37. Xin, K. R., & Tsui, A. S. (1996). Different folks for different folks? Influence tactics by Asian-American and Caucasian-American managers. Leadership Quarterly, 7, 109–132.
38. Orpen, C. (1996). The effects of ingratiation and self promotion tactics on employee career success. Social Behavior and Personality,24, 213–214; Wayne, S. J., Liden, R. C., Graf, I. K., & Ferris, G. R. (1997). The role of upward influence tactics in human resource decisions. Personnel Psychology, 50, 979–1006.
39. McFarland, L. A., Ryan, A. M., & Kriska, S. D. (2002). Field study investigation of applicant use of influence tactics in a selection interview. Journal of Psychology, 136, 383–398.
40. Cable, D. M., & Judge, T. A. (2003). Managers’ upward influence tactic strategies: The role of manager personality and supervisor leadership style. Journal of Organizational Behavior, 24, 197–214; Kristof-Brown, A., Barrick, M. R., & Franke, M. (2002). Applicant impression management: Dispositional influences and consequences for recruiter perceptions of fit and similarity. Journal of Management, 53, 925–954.
41. Higgins, C. A., & Judge, T. A. (2004). The effect of applicant influence tactics on recruiter perceptions of fit and hiring recommendations: A field study. Journal of Applied Psychology, 89, 622–632.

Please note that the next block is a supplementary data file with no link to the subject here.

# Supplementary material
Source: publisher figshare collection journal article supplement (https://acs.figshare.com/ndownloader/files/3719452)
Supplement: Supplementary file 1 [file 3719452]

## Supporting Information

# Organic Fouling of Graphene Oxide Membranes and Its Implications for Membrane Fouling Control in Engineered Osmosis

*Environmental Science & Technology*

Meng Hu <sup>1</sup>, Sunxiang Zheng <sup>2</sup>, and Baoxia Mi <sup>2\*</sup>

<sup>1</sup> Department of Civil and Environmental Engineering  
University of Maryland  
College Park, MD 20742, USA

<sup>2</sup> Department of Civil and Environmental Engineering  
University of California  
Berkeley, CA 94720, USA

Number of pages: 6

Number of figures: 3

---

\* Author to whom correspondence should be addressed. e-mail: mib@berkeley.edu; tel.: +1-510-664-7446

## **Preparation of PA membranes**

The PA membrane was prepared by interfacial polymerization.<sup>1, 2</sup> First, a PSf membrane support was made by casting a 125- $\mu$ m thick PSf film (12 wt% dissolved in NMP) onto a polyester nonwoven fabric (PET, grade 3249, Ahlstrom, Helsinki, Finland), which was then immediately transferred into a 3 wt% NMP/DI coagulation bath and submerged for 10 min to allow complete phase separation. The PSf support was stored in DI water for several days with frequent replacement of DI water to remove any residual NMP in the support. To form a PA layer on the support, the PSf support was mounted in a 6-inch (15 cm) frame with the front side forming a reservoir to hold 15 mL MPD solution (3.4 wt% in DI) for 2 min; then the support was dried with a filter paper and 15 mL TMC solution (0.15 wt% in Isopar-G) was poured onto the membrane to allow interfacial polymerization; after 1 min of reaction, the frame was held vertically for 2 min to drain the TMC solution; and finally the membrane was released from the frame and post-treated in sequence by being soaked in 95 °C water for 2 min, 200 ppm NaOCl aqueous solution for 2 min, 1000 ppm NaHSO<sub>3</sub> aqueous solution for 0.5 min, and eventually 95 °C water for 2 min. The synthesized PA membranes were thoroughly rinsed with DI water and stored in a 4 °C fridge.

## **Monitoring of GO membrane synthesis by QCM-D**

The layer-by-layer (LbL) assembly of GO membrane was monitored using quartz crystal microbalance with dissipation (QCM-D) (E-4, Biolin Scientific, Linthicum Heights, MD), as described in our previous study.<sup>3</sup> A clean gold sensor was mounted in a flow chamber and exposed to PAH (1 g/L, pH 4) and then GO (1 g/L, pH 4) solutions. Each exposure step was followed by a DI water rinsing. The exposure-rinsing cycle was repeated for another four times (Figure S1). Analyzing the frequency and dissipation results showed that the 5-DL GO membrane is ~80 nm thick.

42. Seifer, C. F., Yukl, G., & McDonald, R. A. (2003). Effects of multisource feedback and a feedback facilitator on the influence behavior of managers toward subordinates. Journal of Applied Psychology, 88, 561–569.
43. Tepper, B. J., Uhl-Bien, M., Kohut, G. F., Rogelberg, S. G., Lockhart, D. E., & Ensley, M. D. (2006). Subordinates’ resistance and managers’ evaluations of subordinates’ performance. Journal of Management, 32, 185–208.
44. Cohen, A., & Bradford, D. (2002). Power and influence in the 21st century. In S. Chowdhurt (Ed.), Organizations of the 21st century. London: Financial Times-Prentice Hall.
45. Enns, H. G., & McFarlin, D. B. (2003). When executives influence peers: Does function matter? Human Resource Management, 42, 125–142.